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Cardiovascular Disease Screening and Management

Diabetes and cardiovascular disease

You've probably heard that people with diabetes are at risk of multiple health complications, including cardiovascular disease. As it turns out, cardiovascular disease is especially common among people with diabetes: The majority of people with type 2 diabetes will eventually develop it.

Though most have heard of cardiovascular disease, few understand exactly what it involves. Doctors use the term "cardiovascular disease" to describe many conditions affecting blood circulation in the body:

  • Heart disease results when blood circulating to the heart is slowed or stopped because of a blocked artery. Heart disease can result in chest pain, a heart attack or even sudden death.

  • Heart failure occurs when the heart loses its ability to effectively pump blood. Heart failure can be caused by a number of factors, including damage to the heart or blocked arteries.

  • Stroke results when blood flow to the brain is blocked, often because of a blood clot or blockages within arteries.

What causes cardiovascular disease?

Most people associate cardiovascular disease with obesity, but another strong risk factor is age. Your risk of developing cardiovascular disease increases at age 40, but is highest after age 70.
 
People with diabetes are two to four times more likely than others to develop cardiovascular disease. Because this risk is so high, cardiovascular disease remains the most common cause of death in people with diabetes.

Warning signs

Seek medical attention if…

  • You experience chest discomfort when you walk or exercise.

  • You have chest pain accompanied by fatigue or shortness of breath.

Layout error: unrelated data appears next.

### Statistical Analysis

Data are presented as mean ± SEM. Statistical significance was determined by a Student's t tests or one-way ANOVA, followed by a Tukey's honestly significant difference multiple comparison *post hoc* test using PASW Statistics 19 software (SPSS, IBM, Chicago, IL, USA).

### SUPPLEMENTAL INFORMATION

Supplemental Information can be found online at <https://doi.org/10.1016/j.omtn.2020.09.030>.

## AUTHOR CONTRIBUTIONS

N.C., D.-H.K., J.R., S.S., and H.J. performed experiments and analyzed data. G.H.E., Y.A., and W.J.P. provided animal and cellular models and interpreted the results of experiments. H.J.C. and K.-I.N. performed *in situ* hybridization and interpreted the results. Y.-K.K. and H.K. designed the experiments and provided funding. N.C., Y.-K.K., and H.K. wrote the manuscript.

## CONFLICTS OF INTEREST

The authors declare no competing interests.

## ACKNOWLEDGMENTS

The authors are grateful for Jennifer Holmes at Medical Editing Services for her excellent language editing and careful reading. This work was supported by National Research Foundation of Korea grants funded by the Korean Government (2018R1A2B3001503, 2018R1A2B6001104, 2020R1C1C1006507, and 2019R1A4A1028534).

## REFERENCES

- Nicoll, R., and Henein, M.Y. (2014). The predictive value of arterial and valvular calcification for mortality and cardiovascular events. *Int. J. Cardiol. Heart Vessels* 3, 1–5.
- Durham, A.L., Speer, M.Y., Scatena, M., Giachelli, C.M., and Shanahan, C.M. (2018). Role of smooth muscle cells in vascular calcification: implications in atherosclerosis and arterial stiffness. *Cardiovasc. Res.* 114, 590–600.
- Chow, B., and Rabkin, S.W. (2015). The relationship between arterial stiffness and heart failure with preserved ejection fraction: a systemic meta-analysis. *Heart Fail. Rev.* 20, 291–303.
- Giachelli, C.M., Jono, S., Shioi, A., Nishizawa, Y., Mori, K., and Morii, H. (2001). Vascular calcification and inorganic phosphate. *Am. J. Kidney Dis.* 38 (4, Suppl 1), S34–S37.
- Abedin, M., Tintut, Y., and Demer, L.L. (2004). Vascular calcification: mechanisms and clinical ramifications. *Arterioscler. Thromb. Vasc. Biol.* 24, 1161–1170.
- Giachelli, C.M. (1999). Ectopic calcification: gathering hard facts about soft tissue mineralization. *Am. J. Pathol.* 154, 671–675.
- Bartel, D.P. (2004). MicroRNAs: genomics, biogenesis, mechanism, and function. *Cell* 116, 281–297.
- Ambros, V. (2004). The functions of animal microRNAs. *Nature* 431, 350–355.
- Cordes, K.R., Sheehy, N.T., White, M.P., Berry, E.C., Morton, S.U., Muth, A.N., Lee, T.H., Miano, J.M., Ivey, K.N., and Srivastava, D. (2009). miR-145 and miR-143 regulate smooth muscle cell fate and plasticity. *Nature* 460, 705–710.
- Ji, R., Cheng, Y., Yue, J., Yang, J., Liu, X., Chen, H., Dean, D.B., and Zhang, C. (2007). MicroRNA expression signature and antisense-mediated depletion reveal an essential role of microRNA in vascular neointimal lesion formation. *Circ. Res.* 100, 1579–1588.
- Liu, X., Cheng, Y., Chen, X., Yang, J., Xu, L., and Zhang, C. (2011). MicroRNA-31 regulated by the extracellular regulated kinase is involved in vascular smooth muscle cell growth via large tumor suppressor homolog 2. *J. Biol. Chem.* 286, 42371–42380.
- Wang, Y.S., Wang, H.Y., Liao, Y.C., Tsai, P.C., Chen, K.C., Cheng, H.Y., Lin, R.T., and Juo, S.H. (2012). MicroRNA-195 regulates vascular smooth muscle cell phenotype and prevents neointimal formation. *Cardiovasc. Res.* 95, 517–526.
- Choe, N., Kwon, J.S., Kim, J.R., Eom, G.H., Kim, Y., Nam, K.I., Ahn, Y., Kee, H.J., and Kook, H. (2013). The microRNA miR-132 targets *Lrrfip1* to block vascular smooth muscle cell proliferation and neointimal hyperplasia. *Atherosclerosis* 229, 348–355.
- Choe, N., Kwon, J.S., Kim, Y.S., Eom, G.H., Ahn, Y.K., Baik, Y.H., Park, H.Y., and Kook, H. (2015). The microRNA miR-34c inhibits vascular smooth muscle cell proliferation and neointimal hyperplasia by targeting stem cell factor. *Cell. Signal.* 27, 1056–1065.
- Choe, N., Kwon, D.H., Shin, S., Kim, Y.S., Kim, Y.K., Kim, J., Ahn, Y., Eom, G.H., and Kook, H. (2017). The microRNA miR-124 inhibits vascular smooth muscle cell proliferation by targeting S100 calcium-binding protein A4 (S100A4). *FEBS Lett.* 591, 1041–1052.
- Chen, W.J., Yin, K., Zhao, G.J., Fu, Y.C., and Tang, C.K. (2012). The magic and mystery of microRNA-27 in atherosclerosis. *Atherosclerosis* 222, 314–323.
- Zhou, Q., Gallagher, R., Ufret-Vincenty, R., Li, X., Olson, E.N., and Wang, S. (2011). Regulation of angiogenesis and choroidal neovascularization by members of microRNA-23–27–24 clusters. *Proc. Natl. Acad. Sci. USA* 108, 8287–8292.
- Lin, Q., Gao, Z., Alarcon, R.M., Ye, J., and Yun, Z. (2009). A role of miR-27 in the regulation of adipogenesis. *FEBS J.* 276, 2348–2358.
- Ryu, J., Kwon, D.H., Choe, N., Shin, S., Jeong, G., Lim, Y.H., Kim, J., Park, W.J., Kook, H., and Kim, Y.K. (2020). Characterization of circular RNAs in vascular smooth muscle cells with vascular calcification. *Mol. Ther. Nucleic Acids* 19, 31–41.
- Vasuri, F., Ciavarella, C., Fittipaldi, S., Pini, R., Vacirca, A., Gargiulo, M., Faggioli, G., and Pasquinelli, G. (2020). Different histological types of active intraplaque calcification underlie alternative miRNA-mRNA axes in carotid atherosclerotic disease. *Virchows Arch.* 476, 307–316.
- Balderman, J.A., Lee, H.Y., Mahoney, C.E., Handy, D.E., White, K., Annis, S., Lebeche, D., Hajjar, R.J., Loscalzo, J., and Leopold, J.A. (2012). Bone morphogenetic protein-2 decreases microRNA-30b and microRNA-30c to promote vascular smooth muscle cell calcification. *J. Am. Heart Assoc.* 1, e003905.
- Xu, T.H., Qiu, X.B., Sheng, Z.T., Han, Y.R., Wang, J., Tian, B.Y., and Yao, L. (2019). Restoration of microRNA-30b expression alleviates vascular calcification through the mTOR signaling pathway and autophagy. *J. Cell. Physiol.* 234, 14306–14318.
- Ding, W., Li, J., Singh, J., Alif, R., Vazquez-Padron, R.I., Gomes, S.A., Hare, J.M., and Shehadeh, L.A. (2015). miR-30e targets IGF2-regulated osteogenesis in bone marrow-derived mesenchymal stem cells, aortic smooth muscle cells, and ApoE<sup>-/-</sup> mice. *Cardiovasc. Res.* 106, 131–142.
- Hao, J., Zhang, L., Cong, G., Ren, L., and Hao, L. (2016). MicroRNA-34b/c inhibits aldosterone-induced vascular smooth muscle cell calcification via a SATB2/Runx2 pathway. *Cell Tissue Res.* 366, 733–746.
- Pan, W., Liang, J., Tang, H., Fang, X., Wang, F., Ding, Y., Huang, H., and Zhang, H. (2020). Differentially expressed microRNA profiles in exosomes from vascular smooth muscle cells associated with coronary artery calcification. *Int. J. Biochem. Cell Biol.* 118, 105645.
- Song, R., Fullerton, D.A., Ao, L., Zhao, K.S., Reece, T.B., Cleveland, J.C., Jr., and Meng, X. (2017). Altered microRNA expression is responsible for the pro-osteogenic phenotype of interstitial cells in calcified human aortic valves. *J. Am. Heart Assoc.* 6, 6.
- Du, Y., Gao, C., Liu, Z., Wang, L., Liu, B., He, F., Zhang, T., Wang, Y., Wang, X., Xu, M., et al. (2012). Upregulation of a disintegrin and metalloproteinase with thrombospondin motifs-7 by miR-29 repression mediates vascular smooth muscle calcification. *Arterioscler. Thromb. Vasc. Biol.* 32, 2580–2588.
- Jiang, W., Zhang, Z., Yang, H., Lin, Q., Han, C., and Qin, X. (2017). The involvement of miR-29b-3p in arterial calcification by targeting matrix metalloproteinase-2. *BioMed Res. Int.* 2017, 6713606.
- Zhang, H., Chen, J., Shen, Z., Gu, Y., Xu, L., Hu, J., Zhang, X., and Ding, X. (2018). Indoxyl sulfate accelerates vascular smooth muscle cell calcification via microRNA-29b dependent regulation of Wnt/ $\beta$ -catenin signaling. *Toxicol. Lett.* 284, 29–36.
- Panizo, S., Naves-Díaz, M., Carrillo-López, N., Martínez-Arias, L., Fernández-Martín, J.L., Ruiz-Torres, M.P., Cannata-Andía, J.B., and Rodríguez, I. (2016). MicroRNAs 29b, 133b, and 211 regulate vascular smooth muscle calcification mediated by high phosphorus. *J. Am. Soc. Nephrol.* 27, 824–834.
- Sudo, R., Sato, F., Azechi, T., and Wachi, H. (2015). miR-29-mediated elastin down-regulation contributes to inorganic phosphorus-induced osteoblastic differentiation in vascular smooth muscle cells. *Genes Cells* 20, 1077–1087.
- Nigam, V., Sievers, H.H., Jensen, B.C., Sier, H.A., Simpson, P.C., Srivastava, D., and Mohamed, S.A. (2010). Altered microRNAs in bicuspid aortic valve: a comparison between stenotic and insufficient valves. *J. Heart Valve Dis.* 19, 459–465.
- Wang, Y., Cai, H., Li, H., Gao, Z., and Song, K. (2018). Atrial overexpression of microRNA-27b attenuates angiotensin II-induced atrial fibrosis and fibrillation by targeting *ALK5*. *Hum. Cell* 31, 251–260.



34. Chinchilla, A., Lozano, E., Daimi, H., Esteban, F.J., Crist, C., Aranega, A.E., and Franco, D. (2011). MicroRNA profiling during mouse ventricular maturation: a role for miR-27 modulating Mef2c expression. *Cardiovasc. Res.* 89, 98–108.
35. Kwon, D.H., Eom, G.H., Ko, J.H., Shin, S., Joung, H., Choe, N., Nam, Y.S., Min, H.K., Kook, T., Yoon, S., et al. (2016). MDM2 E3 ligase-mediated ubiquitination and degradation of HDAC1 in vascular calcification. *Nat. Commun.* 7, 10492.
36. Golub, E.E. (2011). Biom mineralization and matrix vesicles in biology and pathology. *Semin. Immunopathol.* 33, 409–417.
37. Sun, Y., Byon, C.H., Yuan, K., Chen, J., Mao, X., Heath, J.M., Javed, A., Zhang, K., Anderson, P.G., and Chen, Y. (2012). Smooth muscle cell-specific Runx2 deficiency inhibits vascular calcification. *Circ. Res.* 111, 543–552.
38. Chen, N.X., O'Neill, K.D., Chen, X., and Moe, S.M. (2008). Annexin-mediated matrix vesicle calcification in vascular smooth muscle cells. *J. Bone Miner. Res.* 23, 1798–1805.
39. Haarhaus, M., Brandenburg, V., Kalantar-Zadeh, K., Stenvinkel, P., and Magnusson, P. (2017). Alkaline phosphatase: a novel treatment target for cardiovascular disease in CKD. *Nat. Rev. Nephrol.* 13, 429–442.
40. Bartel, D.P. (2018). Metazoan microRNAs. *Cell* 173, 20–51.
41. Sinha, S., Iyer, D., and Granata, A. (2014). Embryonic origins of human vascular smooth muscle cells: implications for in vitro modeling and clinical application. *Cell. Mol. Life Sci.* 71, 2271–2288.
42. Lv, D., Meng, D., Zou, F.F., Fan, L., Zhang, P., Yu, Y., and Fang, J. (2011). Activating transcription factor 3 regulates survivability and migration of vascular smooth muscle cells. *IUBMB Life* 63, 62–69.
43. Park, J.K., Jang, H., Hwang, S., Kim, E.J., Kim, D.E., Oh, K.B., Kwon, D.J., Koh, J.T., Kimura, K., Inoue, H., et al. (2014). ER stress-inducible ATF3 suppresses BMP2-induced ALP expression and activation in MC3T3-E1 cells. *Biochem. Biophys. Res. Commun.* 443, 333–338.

• Your resting heart rate is usually faster than 100 beats per minute.

  • You are a young man with erectile dysfunction.

How is cardiovascular disease detected?

If your doctors suspect cardiovascular disease, they will first look to your family medical history for more insight. Did your mother, father or siblings have heart trouble? Your risk of developing cardiovascular disease is higher if you have family members with the disease. Other risk factors include bad cholesterol, obesity and diabetes.
 
Doctors use a variety of tests to detect cardiovascular disease. A routine blood test can reveal whether you have high levels of "c-reactive protein--a marker that you’re at higher risk. An EKG will reveal whether the heart’s electrical activity is normal.

If it's not, a stress test on a treadmill, for example, will provide further information that may lead to diagnosis. If you are not able to walk on a treadmill, your doctor may "stress" your heart by injecting medications through an IV. This medicine can cause the heart to beat fast and mimic the stress of exercise. Some people will be asked to have an echocardiogram, which provides pictures of the heart to reveal how well the muscles of the heart can squeeze and pump blood.

Protect your heart!

If your risk of developing cardiovascular disease is high, now is the time for action. You can reduce your risk, starting today, by making the following lifestyle changes.

Ask your doctor to help you:Quit smoking.

  • Lose weight.

  • Eat a healthy, balanced diet.

  • Exercise.

  • Control your blood pressure.

  • Improve your cholesterol.

  • Determine if you would benefit from aspirin therapy.

  • Set an appropriate HbA1c goal with your doctor and work toward that goal.


Reviewed by Dr. Rita R. Kalyani and Dr. Mark D. Corriere from the Division of Endocrinology, Diabetes and Metabolism

 

Diabetes and Heart Disease - WellSpan Health

Online Medical Reviewer: Grantham, Paula, RN, BSN
Online Medical Reviewer: MMI board-certified, academically affiliated clinician
Last Review Date: 2014-02-06T00:00:00
Last Modified Date: 2014-04-21T00:00:00
Posting Date: 2008-11-30T00:00:00
Published Date: 2015-12-11T00:00:00
Last Review Date: 2007-03-30T00:00:00
© 2016 WellSpan Health. All Rights Reserved. This information is not intended as a substitute for professional medical care. Always follow your healthcare professional's instructions.

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